First, not only did Cain reduce the amount he used his four-seam fastball by almost 10 percent this past season, he worked on throwing it on the outer half of the plate a lot more. The FanGraphs heat map below illustrates Cain’s four-seam fastballs against left-handed hitters in 2011 on the left and 2010 on the right from the catcher’s perspective, meaning the hitter would be on the right. You can see that there’s a lot less of the intense yellow color overall (meaning more pitches thrown in that area) and a significant chunk of it in the 2011 image is eliminated altogether on the inner half of the zone.
With the usage of his four-seamer scaled back, Cain upped the use of his slider and changeup. Using his slider almost exclusively against right-handed hitters and his changeup almost exclusively against lefties, Cain featured a more well-rounded repertoire this past season, regardless of which box the batter was standing in. Though Cain’s numbers against right-handers were still good, his more aggressive approach to lefties in 2011, resulting in a .185/.254/.269 slash line against, is noteworthy.
By continuing to pound the outer half of the plate more often with those off-speed pitches, Cain established a new career-high 33.5 O-Swing%, which measures the percentage of pitches outside the zone that hitters swung at. That’s one of the main reasons for his increased ground ball rate, as he was coaxing more opposing hitters into swinging at bad pitches, resulting in weak contact on the ball. In fact, Cain’s O-Swing% has increased every year that he’s been in the Majors.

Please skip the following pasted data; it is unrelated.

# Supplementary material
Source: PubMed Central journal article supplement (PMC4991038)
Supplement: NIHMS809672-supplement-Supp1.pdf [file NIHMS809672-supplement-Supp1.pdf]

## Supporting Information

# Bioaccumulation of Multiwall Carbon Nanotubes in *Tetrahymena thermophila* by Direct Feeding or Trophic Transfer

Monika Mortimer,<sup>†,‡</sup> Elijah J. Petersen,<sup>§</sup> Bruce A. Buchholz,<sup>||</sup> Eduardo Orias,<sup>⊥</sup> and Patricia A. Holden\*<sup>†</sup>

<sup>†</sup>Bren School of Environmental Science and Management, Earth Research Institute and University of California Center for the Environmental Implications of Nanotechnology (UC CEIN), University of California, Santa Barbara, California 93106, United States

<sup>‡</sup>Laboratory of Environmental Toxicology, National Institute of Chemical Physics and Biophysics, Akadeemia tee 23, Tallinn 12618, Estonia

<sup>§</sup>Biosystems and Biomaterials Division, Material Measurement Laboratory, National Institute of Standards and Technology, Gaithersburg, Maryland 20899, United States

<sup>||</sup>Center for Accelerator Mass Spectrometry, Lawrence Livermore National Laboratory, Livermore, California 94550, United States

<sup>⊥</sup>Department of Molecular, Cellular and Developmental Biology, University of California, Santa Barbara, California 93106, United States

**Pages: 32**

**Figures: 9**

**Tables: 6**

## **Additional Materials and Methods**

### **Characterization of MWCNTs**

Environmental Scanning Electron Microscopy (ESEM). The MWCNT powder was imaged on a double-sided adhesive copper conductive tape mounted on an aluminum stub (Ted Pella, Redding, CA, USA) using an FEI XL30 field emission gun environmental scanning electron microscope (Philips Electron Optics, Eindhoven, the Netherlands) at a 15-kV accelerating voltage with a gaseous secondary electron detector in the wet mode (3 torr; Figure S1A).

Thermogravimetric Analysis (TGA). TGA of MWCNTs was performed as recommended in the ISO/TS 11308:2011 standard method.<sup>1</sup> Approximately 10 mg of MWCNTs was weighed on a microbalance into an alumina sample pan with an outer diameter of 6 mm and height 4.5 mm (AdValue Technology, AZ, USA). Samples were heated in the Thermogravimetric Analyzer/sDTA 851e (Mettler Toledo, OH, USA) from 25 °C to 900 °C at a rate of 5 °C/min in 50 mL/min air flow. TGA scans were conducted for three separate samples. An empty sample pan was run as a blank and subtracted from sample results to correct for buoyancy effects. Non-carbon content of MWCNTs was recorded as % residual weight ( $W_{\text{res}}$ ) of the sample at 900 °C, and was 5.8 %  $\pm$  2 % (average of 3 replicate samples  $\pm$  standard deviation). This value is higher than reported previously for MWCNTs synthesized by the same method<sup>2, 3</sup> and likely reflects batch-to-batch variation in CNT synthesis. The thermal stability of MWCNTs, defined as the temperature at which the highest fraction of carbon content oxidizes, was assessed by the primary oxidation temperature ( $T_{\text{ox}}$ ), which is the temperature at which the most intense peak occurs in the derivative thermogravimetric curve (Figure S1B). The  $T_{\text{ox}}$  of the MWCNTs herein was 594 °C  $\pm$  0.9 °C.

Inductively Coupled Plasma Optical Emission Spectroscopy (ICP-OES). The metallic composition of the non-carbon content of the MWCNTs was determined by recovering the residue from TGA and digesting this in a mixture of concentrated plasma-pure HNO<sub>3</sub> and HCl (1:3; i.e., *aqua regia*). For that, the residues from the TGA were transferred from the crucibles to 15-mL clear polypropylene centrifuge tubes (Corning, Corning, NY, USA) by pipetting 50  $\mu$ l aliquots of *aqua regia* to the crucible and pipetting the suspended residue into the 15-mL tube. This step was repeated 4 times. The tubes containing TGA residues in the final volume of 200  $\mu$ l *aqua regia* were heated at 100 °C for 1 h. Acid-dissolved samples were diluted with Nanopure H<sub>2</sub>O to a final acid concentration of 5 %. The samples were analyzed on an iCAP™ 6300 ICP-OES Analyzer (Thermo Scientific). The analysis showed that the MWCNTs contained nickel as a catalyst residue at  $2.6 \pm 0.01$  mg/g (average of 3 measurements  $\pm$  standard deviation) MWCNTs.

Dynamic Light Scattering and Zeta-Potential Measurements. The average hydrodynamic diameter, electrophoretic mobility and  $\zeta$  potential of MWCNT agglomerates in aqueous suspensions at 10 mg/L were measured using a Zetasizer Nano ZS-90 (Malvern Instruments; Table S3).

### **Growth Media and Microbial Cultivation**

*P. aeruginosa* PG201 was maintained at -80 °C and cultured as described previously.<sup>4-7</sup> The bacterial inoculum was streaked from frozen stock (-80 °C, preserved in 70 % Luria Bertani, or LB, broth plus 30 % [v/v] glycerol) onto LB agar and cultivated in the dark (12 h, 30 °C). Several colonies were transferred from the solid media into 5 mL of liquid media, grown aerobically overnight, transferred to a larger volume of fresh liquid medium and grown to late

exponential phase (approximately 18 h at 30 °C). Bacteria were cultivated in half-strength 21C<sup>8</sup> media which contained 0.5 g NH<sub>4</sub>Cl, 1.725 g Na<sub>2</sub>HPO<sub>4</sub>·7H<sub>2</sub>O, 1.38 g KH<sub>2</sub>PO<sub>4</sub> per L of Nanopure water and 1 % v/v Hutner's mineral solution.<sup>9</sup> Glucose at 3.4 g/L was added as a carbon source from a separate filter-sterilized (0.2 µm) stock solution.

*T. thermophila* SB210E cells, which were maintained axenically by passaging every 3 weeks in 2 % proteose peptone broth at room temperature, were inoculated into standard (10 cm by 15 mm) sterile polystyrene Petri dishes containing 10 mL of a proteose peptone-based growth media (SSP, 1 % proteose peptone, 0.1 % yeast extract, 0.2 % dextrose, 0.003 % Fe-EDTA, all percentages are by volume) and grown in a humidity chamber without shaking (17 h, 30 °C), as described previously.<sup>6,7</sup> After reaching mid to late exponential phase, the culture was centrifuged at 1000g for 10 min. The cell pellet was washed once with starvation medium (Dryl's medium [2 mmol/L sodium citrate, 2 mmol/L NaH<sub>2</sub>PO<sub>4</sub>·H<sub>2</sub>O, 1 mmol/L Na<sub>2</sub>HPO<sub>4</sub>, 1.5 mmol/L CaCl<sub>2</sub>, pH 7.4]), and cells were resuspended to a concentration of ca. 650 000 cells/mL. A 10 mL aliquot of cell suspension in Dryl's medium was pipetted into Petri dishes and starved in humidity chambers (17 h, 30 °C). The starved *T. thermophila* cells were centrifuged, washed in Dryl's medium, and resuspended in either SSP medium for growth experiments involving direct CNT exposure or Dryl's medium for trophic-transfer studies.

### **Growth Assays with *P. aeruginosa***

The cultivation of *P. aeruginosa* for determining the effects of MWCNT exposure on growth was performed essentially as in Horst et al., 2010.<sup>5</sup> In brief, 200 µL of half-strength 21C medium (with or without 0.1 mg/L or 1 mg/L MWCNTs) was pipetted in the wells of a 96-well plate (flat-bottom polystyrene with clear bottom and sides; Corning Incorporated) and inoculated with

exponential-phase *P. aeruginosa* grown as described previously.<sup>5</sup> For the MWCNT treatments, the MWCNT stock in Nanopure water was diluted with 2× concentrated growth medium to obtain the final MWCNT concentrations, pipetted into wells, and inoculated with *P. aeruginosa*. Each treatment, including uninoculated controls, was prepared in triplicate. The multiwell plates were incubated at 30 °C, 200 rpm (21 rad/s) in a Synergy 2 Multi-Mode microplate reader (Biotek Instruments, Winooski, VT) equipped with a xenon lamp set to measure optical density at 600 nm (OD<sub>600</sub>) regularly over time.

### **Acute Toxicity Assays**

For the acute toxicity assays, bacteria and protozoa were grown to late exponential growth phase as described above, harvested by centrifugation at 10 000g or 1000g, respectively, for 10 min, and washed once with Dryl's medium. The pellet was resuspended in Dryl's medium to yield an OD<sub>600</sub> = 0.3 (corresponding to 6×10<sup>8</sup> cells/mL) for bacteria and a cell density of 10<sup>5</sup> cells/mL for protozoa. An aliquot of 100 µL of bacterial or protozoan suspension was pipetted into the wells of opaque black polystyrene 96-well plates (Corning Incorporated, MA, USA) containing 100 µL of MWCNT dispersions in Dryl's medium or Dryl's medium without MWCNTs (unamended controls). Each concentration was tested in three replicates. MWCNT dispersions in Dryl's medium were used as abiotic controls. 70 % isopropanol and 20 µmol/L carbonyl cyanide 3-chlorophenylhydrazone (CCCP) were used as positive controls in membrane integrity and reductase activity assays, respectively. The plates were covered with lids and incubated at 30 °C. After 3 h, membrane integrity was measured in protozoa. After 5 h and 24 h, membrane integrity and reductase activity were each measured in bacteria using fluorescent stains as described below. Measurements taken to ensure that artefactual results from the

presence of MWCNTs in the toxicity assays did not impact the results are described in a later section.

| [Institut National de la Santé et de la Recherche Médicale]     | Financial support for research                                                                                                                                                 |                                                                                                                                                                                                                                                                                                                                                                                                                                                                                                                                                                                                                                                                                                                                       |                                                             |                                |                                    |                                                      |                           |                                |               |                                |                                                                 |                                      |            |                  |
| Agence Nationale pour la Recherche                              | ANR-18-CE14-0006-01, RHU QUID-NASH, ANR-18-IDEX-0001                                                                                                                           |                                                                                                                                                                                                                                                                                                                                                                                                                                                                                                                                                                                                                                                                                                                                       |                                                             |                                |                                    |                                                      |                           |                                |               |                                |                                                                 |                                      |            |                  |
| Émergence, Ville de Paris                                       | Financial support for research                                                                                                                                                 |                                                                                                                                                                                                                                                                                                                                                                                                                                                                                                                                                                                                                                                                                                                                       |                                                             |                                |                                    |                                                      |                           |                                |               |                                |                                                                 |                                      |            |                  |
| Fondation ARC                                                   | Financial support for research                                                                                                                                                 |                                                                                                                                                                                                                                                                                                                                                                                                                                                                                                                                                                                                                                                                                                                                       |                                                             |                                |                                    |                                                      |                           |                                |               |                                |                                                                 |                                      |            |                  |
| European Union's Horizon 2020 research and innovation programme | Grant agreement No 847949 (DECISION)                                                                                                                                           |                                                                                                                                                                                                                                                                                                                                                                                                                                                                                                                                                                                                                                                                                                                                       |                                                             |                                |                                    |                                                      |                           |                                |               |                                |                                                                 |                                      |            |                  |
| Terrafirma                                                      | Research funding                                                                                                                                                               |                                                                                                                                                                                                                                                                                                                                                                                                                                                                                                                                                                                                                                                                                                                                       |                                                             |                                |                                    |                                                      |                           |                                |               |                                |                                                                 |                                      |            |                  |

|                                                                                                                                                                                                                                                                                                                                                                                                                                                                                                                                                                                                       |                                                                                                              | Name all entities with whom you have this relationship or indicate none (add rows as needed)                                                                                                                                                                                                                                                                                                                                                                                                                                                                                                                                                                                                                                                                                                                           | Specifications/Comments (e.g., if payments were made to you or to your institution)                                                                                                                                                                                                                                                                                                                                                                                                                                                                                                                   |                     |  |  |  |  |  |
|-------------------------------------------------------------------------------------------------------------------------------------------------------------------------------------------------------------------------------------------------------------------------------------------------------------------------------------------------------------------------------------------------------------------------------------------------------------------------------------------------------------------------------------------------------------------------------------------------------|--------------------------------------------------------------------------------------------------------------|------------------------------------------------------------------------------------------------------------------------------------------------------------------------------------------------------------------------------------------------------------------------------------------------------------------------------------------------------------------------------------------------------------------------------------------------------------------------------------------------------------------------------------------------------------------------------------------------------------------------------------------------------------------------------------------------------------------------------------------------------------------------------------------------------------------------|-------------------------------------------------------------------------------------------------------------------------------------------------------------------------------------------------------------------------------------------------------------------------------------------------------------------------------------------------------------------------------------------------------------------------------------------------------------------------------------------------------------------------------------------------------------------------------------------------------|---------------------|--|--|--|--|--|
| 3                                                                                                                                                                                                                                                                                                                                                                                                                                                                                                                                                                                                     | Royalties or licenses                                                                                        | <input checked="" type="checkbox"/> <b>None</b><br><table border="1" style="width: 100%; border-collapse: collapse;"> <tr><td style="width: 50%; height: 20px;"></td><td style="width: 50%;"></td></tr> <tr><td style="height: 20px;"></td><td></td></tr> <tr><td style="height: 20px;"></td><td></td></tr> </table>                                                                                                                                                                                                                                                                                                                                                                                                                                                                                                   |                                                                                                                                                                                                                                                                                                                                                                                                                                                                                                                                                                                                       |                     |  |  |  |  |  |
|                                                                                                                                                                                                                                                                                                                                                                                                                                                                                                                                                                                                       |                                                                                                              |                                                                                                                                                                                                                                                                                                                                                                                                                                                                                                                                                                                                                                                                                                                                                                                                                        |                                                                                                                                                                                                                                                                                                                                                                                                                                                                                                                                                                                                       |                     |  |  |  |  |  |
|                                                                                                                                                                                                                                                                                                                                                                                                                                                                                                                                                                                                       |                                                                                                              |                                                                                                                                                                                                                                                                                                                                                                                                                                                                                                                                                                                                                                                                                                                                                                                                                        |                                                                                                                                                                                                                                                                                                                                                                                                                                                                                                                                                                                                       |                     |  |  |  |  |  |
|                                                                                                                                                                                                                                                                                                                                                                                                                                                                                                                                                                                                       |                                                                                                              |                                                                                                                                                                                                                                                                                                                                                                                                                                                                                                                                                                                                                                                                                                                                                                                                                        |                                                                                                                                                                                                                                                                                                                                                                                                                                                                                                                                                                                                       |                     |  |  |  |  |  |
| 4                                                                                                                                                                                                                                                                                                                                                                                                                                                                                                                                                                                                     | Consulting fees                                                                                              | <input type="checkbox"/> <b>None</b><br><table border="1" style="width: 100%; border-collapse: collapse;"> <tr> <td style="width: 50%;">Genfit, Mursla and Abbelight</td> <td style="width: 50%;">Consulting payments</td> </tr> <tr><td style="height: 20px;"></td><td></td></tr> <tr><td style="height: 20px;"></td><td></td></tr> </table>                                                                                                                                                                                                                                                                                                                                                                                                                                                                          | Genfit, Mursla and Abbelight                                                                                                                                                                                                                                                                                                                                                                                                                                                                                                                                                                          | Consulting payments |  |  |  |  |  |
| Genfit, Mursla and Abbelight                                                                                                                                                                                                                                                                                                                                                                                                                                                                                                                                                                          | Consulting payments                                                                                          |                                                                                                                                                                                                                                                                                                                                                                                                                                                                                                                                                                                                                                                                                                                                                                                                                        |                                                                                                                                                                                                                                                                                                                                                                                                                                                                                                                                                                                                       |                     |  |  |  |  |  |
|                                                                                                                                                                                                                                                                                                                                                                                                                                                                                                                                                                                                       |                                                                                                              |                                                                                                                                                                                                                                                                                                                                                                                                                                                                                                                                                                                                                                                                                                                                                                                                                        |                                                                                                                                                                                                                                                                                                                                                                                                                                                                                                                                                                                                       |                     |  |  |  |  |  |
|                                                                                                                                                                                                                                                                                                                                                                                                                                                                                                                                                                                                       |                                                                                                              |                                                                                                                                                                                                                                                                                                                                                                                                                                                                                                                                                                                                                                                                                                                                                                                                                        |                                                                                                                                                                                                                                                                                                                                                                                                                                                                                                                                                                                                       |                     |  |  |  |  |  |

Another reason for Cain’s higher ground ball percentage this past season was because he dramatically increased the use of his two-seam fastball, a pitch that he’s seldom used since introducing it to his repertoire.
On the left of the heat map below is an illustration of Cain’s two-seam fastballs versus right-handed batters in 2011 on the left and against left-handed hitters in 2010 on the right. His maps against both lefties and righties were quite similar, so the map versus right-handers was included primarily for greater effect. In this example, the rainbow color palette does a great job of clearly showing the increased use of the pitch with the green and light blue clusters, but also showing how Cain threw the pitch primarily low and away.